Should the news media have published a story about Missouri Gov. Eric Greitens’ extramarital affair and his alleged blackmail of a woman? On Friday’s Behind the Headlines segment, St. Louis on the Air host Don Marsh discussed journalism ethics and the process of reporting the affair with Lauren Trager, KMOV’s investigative reporter who broke the story, and with Shula Neuman, St. Louis Public Radio’s executive editor. The two journalists talked about their varying approaches.
As 2017 comes to an end, the team that brings you St. Louis on the Air decided to take a look at the top 20 most visited online stories of the year that came out of this program. St. Louis on the Air host Don Marsh spoke with senior producer Alex Heuer about some of the stories and larger trends. Thanks to Digital Media Specialist Brendan Williams for generating this list of top St. Louis on the Air web stories.
Following World War II, British Prime Minister Winston Churchill, in 1946, delivered one of the most famous speeches of the 20th century. Known officially as the “Sinews of Peace,” Churchill’s speech came to be known as the “Iron Curtain” speech, and it foreshadowed the Cold War. Churchill chose to deliver the speech in an unorthodox place – Westminster College in Fulton, Missouri, after receiving an invitation from the president of the college.
Muck Rack makes it simple to find people, tweets, or articles that mention any name, keyword, company, hashtag etc. We've compiled this guide to help you make the most of your search.
Selecting a term
Start searching tweets, articles from media outlets, articles mentioned in tweets, journalists'
names, titles and bios with some suggested searches:
Companies or Topics (e.g. iPhone, Microsoft)
Phrases (e.g. "cloud computing") — use quotes to keep the terms together
Twitter handles (e.g. @username) — returns those who have mentioned or replied to
Names (e.g. "David Pogue")
Hashtags (e.g. #sxsw, #london2012)
Bio details (e.g. vegan, Olympics, father)
Muck Rack's Advanced Search allows for many boolean operators.
Find results that mention multiple specified terms, use AND or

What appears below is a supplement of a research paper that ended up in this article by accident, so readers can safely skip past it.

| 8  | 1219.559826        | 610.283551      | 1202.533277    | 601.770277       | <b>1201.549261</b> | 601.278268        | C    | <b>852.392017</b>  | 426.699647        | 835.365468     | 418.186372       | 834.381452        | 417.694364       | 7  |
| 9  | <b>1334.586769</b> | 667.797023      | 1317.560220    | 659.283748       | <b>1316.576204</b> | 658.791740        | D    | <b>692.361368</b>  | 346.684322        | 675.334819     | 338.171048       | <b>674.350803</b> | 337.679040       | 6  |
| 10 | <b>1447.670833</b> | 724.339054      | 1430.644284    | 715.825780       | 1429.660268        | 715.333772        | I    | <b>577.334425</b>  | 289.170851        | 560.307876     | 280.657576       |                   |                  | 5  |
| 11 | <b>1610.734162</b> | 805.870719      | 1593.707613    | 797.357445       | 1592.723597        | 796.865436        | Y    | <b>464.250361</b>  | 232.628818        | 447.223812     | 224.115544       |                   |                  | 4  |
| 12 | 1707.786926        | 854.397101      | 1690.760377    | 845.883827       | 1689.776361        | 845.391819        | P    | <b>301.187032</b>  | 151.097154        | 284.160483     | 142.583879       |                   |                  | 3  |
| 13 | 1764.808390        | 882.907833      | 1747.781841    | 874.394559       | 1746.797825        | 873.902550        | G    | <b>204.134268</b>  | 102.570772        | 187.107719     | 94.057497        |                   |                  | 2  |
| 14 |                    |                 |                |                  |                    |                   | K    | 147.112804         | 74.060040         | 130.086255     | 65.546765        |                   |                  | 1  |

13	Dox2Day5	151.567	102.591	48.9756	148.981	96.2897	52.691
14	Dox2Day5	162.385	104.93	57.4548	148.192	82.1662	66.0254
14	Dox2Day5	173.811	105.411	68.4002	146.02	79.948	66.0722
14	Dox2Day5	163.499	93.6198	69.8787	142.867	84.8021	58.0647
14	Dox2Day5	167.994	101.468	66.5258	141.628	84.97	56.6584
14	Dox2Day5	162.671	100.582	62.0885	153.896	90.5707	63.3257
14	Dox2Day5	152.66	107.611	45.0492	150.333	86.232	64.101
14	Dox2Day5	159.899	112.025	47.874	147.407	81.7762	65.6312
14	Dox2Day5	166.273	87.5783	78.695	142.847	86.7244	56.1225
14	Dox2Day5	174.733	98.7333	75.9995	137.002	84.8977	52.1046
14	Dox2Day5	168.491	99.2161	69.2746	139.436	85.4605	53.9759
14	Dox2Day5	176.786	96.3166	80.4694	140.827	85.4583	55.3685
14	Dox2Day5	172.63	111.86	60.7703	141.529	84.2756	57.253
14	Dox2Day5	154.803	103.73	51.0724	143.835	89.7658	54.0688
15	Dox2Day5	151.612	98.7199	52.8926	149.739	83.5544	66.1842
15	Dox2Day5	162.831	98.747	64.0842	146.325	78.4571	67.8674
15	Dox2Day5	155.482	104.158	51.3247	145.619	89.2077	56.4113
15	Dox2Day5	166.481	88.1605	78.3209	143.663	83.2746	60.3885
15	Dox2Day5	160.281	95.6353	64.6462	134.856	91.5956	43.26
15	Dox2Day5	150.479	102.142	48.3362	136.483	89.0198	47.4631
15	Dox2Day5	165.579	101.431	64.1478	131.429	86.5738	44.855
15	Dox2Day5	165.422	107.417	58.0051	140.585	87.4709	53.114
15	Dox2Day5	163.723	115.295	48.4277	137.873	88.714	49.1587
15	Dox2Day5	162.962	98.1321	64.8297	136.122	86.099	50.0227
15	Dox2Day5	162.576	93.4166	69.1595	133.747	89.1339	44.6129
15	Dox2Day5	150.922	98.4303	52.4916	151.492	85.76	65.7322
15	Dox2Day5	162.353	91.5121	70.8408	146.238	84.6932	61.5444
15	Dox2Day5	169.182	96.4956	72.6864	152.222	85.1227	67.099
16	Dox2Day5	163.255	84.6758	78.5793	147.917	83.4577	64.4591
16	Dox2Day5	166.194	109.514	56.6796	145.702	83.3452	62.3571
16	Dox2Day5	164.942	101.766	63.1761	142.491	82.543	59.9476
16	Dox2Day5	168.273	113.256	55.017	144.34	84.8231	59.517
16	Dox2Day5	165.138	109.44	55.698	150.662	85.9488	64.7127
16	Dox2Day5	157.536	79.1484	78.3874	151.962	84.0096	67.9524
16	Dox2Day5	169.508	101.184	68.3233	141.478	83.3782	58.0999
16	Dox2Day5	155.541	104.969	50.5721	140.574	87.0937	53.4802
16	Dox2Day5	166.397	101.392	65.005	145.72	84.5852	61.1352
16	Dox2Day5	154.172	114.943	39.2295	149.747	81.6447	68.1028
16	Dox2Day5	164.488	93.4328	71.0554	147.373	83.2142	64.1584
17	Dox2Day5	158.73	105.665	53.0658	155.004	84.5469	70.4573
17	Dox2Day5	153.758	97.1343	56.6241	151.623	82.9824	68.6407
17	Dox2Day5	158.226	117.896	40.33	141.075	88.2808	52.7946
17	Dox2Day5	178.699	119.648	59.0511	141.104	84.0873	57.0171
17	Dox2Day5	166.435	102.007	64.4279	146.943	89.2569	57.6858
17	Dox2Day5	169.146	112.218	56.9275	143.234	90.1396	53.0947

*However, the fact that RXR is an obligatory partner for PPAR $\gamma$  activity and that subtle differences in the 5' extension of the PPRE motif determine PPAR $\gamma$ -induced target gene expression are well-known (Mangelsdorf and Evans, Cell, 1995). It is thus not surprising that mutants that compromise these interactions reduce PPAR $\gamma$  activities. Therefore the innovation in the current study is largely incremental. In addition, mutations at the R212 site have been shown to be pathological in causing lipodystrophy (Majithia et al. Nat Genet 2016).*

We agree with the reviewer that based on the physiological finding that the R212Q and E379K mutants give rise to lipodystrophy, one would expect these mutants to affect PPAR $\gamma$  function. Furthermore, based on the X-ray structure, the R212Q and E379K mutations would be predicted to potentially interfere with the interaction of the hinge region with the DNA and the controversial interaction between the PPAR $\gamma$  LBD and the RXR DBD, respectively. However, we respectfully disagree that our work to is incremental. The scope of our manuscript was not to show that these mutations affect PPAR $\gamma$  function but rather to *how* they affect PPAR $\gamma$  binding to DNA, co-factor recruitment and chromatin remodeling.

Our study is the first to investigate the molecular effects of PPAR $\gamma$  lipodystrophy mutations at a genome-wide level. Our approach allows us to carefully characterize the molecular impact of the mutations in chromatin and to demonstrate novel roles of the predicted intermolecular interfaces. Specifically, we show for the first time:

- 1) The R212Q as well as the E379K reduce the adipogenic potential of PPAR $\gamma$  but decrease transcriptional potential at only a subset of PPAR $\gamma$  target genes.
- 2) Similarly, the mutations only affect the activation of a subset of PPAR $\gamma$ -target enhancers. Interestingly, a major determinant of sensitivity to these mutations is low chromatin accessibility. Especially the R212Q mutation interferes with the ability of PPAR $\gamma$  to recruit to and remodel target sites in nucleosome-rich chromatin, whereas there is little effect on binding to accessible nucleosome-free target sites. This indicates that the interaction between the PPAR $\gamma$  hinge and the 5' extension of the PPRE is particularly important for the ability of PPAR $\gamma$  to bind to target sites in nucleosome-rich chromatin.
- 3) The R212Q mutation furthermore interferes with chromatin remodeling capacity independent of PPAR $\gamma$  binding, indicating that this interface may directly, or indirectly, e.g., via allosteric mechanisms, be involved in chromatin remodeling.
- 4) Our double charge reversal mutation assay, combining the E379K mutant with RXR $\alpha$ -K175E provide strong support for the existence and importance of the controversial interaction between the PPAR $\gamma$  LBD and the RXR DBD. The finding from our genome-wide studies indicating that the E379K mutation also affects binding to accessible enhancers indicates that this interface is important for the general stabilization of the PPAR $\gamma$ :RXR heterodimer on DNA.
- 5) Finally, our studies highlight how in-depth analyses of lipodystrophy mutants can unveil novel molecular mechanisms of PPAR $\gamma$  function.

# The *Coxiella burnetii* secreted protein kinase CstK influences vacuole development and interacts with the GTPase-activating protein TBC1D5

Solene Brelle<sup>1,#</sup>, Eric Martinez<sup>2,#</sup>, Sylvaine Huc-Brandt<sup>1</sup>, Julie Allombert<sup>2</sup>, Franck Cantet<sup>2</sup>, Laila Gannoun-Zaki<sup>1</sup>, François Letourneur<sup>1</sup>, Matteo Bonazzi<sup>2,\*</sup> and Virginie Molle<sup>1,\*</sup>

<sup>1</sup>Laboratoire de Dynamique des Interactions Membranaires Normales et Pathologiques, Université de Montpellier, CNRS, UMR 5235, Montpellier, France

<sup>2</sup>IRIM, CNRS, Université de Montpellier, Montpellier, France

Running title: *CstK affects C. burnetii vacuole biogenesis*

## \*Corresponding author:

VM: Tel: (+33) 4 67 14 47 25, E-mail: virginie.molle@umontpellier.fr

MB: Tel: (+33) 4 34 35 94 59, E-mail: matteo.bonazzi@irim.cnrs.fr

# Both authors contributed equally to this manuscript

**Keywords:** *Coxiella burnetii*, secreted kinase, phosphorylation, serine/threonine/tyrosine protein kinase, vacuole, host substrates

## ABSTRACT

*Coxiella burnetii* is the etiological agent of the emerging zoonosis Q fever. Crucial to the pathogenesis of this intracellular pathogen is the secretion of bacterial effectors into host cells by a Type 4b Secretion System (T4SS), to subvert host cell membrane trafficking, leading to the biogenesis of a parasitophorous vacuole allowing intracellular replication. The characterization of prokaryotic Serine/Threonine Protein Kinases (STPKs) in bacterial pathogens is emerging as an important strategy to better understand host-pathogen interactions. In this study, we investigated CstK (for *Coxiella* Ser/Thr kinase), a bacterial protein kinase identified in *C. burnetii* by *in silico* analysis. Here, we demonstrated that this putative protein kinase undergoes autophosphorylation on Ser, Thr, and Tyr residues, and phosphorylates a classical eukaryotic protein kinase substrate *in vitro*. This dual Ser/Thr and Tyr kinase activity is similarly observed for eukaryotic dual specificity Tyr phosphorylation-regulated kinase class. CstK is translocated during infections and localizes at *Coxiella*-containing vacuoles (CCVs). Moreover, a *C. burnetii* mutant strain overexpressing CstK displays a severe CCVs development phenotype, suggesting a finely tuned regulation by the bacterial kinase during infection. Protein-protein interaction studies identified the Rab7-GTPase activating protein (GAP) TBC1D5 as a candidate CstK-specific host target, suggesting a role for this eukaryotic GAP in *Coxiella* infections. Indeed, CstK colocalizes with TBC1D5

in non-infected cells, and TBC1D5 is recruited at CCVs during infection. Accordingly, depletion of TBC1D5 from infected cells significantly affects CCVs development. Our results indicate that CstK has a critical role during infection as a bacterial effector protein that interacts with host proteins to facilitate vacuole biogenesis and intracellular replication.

+. For example, ensure each result contains both Elon Musk and Mark Zuckerberg by
searching Musk AND Zuckerberg or Musk + Zuckerberg.
Use the operators OR or , to broaden your search when you'd like either of
multiple terms to appear in results. (This is the default behavior of our search when no operators
are used). For example, results will contain either cake or cookie by searching cake OR cookie or cake,cookie
Use NOT or - to subtract results from your search. For
example, searching Disney will yield results about the Walt Disney Company as well as Walt Disney
World Resort. To exclude mentions of Disney World, search for Disney -World or Disney
When using one of these operators with a phrase, enclose it in quotation marks. For example, you can
find results about smartphones excluding Apple's iPhone 4S by searching smartphone -"iPhone
Exact case matching or punctuation
If you're searching for a brand name or keyword that relies on specific punctuation marks or capitalization, you can
find results that match your exact query by adding matchcase: before the keyword you're searching for, like matchcase:E*TRADE .
Use parentheses to separate multiple
boolean phrases. For example, to find journalists talking about having fun in Disney World or
Disneyland, search for ("disney world" OR disneyland) AND fun.
An asterisk can be used to search for any variation of a root word truncated by the asterisk. For example, searching for admin* will return results for administrator, administration, administer, administered, etc.
A near operator is an AND operator where you can control the distance between the words. You can vary the distance the near operation uses by adding a forward slash and number (between 0-99) such as strawberries NEAR/10 "whipped cream", which means the strawberries must exist within 10 words of "whipped cream".